Caleb spends time conversing with Ava. Thanks to Gleason and Vikander, the two "appear" to be a couple of "normal" people getting to know each other. Reality crashes on Caleb (and the audience) when Nathan asks what he thinks of Ava jolting Caleb back into remembering he is dealing with a machine.

Alicia Vikander as Ava in Ex MachinaAlex Garland tells this story mostly through conversations. At strategic points in Ex Machina, the visuals are equally important. On his first night, Nathan switches on the television and is startled at what he sees. He has access to Nathan's closed-circuit cameras but without sound. He watches Ava "sleeping". Ava rolls over and looks directly into the camera. The following day, Ava tells Caleb she imagined Caleb was watching her, hoping she was right. More mind games?

Ex Machina contains some of the most ingenious plot twists in a film. During one outtage which shuts down the cameras and microphones, Ava says, "He is not to be trusted." Before Caleb can react to this stunning revelation, the power is restored. Ava picks up speaking in the middle of a sentence. When Nathan asks Caleb what happened during the outtage, the mind games take another shocking turn. Caleb lies and says nothing happened. Did Caleb just invalidate the validation he was hired to validate?

Alicia Vikander as Ava in Ex MachinaWithout ever mentioning the word, Garland cleverly brings up genocide. Ava wonders about her future. Will she ever be let out of the glass prison Nathan keeps her in while he conducts his experiments? When Caleb's evaluation is over, will Ava be destroyed?

Plot twist in film is similar to a con. Dangle a piece of information in front of a character/the audience. Let the character/audience make their own assumptions. Then explain that tidbit at a later time.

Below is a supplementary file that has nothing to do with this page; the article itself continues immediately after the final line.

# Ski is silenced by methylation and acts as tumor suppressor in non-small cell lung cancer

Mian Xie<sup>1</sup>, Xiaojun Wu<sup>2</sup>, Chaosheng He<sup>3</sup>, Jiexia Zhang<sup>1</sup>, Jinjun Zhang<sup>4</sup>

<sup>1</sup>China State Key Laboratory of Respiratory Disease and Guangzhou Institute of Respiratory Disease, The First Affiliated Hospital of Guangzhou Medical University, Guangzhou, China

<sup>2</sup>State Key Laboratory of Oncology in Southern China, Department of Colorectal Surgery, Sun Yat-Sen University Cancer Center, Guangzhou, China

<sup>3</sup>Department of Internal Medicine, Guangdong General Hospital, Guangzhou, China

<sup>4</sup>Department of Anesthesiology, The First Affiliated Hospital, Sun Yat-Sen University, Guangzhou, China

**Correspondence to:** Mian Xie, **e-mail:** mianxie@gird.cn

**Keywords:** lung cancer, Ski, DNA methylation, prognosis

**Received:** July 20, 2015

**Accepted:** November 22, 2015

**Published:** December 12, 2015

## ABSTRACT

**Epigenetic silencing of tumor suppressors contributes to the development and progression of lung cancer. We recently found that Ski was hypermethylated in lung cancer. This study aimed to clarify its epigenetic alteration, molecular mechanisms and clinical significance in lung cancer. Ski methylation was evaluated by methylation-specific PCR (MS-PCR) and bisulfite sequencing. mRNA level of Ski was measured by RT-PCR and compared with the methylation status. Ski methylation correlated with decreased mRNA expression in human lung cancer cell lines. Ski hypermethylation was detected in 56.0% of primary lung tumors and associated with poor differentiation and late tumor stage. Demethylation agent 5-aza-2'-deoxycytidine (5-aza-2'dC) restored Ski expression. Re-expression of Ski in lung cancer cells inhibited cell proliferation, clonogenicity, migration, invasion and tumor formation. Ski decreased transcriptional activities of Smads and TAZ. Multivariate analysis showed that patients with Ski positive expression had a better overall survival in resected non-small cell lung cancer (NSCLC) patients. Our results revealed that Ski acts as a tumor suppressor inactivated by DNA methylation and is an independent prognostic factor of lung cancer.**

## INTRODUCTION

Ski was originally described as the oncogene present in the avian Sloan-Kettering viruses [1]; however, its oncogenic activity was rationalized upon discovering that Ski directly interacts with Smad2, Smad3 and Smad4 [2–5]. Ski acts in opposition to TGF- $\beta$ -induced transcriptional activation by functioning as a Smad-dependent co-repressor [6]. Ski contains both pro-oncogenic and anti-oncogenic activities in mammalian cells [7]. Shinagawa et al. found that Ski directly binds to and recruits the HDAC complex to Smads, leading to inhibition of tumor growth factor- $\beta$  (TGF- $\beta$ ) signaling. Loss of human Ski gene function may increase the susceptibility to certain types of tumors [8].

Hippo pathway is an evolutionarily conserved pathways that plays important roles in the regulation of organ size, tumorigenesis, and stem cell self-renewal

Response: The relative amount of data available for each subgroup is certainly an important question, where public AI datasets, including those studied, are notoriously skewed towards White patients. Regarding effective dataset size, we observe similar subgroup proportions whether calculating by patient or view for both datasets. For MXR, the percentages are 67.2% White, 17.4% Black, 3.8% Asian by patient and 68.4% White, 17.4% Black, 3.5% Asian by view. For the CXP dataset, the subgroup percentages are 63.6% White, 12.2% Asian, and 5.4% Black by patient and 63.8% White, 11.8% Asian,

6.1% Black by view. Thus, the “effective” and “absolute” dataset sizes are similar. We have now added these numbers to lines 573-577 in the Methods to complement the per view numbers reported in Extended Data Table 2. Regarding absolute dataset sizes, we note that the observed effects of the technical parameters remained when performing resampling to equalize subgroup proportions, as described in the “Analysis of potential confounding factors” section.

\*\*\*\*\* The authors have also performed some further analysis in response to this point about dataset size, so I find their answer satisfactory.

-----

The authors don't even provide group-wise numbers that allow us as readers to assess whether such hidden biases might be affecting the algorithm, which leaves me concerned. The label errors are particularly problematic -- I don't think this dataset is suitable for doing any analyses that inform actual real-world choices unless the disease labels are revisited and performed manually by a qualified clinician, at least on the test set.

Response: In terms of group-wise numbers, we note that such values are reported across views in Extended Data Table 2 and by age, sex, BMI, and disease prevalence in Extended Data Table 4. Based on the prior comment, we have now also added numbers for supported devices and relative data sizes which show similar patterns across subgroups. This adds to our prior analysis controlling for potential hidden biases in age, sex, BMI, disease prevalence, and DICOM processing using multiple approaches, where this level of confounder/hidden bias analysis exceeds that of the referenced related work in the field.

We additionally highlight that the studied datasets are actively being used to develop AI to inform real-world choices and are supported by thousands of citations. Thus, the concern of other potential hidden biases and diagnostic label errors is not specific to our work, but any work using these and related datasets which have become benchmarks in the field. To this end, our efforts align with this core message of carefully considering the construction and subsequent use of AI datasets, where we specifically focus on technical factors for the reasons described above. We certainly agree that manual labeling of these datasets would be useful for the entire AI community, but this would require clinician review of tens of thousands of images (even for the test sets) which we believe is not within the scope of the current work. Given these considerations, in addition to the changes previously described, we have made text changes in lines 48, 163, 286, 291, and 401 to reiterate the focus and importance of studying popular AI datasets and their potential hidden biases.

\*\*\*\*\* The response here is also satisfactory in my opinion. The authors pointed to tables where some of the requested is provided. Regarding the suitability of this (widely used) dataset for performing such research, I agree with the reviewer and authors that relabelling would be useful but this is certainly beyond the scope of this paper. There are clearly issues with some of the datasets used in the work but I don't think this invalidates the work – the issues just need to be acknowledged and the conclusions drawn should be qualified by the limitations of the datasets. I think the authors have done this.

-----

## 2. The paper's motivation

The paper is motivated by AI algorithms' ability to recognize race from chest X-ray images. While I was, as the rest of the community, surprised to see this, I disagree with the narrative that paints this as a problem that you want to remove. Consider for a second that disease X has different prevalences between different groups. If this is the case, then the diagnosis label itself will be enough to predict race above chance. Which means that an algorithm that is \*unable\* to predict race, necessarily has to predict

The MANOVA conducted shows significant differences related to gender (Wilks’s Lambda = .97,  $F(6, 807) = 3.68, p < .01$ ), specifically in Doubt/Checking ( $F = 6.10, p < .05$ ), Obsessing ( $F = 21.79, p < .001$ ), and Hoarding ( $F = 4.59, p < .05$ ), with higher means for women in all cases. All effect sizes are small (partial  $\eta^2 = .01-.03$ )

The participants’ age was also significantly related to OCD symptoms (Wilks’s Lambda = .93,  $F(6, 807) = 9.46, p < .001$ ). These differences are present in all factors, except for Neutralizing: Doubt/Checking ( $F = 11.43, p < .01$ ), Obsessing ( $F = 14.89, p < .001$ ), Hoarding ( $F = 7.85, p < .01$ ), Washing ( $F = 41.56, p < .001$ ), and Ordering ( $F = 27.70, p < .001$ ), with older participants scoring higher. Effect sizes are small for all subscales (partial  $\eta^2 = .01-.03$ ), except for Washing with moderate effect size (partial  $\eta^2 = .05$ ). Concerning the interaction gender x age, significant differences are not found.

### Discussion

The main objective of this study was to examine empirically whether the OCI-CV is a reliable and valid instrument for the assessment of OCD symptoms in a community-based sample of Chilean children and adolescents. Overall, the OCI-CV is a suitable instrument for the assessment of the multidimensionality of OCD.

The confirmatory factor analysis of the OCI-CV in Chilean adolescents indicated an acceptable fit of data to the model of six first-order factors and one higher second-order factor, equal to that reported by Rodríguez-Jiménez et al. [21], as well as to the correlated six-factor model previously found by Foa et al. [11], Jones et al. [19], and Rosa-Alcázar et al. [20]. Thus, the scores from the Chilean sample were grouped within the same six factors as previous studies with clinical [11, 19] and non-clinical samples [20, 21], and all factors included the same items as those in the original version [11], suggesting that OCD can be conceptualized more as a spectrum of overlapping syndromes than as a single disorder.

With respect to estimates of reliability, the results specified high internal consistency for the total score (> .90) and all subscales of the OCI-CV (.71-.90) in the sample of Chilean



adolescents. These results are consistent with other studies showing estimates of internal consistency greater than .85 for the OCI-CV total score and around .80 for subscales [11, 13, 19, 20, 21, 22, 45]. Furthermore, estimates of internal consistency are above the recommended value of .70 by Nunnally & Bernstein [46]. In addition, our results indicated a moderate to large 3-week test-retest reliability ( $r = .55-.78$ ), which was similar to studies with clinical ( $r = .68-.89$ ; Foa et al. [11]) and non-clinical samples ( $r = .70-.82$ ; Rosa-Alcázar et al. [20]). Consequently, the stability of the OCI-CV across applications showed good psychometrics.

The final resolution in Ex Machina is a series of plot twists on top of plot twists that turn the story on its head. The mind games spiral out of control leading to Pandora's Box being opened. For reasons Nathan makes clear at the end, he couldn't tell Caleb everything. To prove Ava was truly self-aware, Nathan manipulated Caleb, Ava and the entire situation just to observe how both Ava and Caleb react.

Nathan meticulously planned for every possible contingency. Except, he failed to understand the power of human ingenuity.

Ex Machina also contains some truly touching, tender, emotional moments. In a sequence containing no sound, Ava discovers the previous versions of herself. Nathan downloaded all the data stored in the protypes's brain, destroyed the prototype and then built the upgraded version. All of Ava's predecesors are housed in separate closets. There is an emptly closet awaiting her. Vikander silently depicts Ava's emotions of curiosity, awe and foreboding.

Alicia Vikander as Ava in Ex MachinaAva walks down a hallway decorated with masks hanging on the wall. The last mask in the row is her face! The silent question asked, "How would anyone feel seeing their face plastered on a wall?"

Similar to the writings of Isaac Asimov, Alex Garland almost exclusively uses dialogue to tell the story in Ex Machina. Rod Serling would be proud of this screenplay. The cinematography and set design are stellar. A painting by Jackson Pollack becomes the centerpiece of one of the many philosophical debates.

Sound design, sound editing and music play important aspects of the story. There are long stretches of silence. At times, there is muzak playing in the backgrounds. At other times, there is the suspenseful "mood" music of the film's score.

Each element of the film's production is meticulously preplanned and executed. Surprises are found just around the next corner. If challenging films are your cup of tea, Ex Machina is a must see. Heck, the film is worth the effort just to watch Alicia Vikander. Enjoy!